The Office of the Inspector General for the Department of Justice has released a long-awaited 400 page report on their investigative findings concerning deadly gunwalking operation Fast & Furious, in which thousands of untraceable firearms were actively allowed to make their way into the hands of violent Mexican drug cartels. Try to contain your surprise if you can, but it seems that this internal probe of the DOJ, by the DOJ, while condemning the irresponsibility of certain players in the sternest terms, found “no evidence that Attorney General Eric Holder was informed about Operation Fast and Furious, or learned about the tactics employed by ATF in the investigation.” But, of course, some heads had to roll, via the WSJ:
A Justice Department watchdog recommended that 14 employees be reviewed for possible sanctions in light of a “pattern of serious failures” at the department and the Bureau of Alcohol, Tobacco, Firearms and Explosives…
Justice Department Inspector General Michael Horowitz released the more than 400-page report Wednesday, the most extensive review of the actions by federal officials in Arizona and Washington that led to the scandal.
Among his findings, he said that Attorney General Eric Holder wasn’t aware of the tactics being used in the operation until early 2011…
Mr. Horowitz faulted officials for “failure to adequately consider the risk to the public safety in the United States and Mexico.”
At least one DOJ official has already resigned, via Fox News:
Jason Weinstein, the deputy assistant attorney general for the Criminal Division, is resigning in the wake of the Justice Department inspector general report on Fast and Furious. The report essentially concludes that he is the most senior department official who was in a position to stop Fast and Furious.
Here’s my question, though: If the above is really the long and short of it and Attorney General Eric Holder had no knowledge of Fast and Furious before the investigation got going… then still, why President Obama’s invocation of executive privilege on all those subpoenaed Fast & Furious-related documents? It’s not like this is a matter of national-security sensitivity. If it wasn’t to shield Holder personally, then it still seems that it was at Holder’s request in order to buy him some time to shield his shoddy management of his department, and merely helped to add authority to his uncooperative stonewalling of Congress’s attempt to get to the bottom of the obvious wrongdoing that went down here somewhere. Grossly inappropriate use of executive authority, to say the least? I find myself puzzled.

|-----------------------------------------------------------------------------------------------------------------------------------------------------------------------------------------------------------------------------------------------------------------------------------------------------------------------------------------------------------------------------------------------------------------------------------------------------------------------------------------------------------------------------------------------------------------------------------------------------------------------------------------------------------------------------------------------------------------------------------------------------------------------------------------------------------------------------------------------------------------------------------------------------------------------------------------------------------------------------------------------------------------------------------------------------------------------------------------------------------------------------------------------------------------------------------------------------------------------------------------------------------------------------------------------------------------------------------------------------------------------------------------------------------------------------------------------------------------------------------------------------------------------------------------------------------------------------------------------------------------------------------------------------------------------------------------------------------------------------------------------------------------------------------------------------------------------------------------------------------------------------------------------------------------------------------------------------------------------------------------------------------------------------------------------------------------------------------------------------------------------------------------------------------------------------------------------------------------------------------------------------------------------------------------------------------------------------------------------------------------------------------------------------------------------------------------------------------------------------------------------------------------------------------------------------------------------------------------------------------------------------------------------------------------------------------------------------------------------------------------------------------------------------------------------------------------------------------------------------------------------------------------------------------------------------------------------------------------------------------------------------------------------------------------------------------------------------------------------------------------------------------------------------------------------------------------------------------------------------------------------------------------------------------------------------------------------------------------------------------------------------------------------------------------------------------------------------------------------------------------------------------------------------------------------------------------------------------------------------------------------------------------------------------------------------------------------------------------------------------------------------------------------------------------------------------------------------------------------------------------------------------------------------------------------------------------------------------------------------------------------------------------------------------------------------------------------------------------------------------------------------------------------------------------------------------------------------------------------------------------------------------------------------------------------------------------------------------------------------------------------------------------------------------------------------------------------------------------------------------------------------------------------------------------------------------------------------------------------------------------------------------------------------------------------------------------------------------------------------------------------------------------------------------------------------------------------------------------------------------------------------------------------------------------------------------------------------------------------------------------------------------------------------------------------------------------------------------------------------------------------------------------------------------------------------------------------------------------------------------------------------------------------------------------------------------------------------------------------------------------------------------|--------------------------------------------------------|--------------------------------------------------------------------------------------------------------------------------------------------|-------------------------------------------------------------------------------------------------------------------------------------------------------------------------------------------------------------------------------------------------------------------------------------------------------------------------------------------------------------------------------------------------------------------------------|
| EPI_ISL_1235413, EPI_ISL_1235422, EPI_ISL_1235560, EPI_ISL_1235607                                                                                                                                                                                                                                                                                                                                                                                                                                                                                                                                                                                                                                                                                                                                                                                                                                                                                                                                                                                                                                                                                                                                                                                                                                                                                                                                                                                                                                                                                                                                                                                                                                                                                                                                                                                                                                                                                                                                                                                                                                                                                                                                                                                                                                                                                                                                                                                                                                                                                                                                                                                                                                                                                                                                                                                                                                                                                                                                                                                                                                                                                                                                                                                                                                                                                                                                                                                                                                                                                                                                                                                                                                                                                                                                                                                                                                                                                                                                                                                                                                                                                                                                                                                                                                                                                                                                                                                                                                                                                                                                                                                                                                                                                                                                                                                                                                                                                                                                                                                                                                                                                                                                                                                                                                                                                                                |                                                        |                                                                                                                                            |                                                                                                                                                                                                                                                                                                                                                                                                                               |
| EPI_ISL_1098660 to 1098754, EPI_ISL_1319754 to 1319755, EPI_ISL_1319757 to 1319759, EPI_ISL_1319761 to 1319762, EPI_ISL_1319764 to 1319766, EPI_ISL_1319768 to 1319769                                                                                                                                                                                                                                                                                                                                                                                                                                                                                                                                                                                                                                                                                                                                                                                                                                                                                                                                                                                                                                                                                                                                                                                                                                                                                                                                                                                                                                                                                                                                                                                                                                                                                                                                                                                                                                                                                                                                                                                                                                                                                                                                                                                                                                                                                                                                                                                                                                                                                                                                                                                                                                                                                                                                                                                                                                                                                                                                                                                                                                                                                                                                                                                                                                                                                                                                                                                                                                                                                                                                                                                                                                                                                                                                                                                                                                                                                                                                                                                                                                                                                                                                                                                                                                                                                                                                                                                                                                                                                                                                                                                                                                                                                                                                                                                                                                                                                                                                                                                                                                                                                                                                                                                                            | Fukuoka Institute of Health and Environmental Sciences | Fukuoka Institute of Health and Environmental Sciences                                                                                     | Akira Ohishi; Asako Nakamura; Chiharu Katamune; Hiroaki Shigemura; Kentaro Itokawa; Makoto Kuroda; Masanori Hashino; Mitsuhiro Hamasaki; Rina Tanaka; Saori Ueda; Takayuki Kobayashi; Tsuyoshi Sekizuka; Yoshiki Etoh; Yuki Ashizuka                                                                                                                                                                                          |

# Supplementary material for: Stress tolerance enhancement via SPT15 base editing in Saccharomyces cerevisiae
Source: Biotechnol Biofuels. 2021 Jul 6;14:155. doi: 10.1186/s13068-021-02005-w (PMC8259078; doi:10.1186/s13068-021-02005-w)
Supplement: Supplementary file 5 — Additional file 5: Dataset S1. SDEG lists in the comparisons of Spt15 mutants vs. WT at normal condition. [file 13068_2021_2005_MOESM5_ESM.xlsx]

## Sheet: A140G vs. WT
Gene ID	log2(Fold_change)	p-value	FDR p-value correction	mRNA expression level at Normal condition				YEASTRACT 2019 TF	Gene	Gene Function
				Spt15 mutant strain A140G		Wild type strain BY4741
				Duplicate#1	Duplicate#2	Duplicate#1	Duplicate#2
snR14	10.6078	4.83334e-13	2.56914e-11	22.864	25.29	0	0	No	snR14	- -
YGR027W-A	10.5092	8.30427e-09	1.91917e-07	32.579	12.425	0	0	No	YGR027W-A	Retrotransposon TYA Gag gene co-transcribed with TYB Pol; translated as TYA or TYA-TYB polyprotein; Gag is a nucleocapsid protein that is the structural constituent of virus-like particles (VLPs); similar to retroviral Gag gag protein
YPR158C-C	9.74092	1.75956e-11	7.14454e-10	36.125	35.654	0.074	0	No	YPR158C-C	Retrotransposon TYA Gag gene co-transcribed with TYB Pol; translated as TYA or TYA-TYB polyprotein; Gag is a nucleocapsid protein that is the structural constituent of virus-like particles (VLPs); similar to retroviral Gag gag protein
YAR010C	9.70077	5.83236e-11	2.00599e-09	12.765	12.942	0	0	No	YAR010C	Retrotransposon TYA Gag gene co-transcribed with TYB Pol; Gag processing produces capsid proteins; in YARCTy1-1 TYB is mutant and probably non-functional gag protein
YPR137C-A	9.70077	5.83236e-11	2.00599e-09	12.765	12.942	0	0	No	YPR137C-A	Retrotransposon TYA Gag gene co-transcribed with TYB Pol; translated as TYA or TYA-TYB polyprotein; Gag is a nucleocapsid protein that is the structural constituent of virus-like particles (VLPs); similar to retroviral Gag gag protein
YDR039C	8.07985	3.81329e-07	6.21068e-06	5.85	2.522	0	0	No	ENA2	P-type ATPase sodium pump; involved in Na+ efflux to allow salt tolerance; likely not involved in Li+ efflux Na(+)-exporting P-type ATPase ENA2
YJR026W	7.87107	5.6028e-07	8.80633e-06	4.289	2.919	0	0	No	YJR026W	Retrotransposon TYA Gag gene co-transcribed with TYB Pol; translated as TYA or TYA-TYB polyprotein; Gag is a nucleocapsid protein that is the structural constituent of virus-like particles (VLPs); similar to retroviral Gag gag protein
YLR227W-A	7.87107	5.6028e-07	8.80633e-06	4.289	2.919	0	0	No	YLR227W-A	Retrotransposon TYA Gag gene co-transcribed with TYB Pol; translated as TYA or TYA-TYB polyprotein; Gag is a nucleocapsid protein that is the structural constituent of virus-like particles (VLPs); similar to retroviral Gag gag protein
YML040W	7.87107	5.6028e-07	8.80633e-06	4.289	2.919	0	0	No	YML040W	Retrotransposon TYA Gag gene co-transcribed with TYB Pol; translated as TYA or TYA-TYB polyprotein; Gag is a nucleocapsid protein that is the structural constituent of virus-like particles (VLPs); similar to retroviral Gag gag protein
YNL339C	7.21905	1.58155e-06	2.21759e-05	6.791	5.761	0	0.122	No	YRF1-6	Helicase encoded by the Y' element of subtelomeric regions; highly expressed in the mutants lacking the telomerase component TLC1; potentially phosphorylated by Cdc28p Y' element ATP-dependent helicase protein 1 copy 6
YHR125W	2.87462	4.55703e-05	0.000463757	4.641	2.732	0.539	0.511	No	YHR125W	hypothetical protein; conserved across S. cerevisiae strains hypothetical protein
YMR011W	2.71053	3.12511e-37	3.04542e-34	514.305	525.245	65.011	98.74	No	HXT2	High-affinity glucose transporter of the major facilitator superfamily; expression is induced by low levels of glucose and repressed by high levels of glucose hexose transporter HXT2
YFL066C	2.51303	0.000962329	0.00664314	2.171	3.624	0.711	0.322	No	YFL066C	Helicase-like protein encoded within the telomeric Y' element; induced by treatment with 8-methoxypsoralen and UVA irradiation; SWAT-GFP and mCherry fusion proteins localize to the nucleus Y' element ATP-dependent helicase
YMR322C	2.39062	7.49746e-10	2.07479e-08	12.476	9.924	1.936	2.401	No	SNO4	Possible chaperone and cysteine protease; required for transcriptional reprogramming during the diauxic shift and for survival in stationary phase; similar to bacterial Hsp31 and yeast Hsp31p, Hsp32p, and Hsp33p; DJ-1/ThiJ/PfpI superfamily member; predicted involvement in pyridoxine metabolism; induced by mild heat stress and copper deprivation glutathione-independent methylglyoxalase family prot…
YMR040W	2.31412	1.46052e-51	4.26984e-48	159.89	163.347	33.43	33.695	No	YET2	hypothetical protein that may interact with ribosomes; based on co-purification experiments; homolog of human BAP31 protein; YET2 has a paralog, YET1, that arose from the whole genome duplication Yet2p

Here’s the hard-hitting response from House Oversight Chairman Darrell Issa, who spearheaded the Congressional investigation, via Katie Pavlich:
“The Inspector General’s report confirms findings by Congress’ investigation of a near total disregard for public safety in Operation Fast and Furious. Contrary to the denials of the Attorney General and his political defenders in Congress, the investigation found that information in wiretap applications approved by senior Justice Department officials in Washington did contain red flags showing reckless tactics and faults Attorney General Eric Holder’s inner circle for their conduct.
“Former Deputy Attorney General Gary Grindler, Assistant Attorney General Lanny Breuer who heads the Criminal Division, Deputy Assistant Attorney General Jason Weinstein, Arizona U.S. Attorney Dennis Burke, and Holder’s own Deputy Chief of Staff Monty Wilkinson are all singled out for criticism in the report. It’s time for President Obama to step in and provide accountability for officials at both the Department of Justice and ATF who failed to do their jobs. Attorney General Holder has clearly known about these unacceptable failures yet has failed to take appropriate action for over a year and a half.” Schmaler should be fired and Congress should investigate the cozy friendship between the Department of Justice and Media Matters immediately.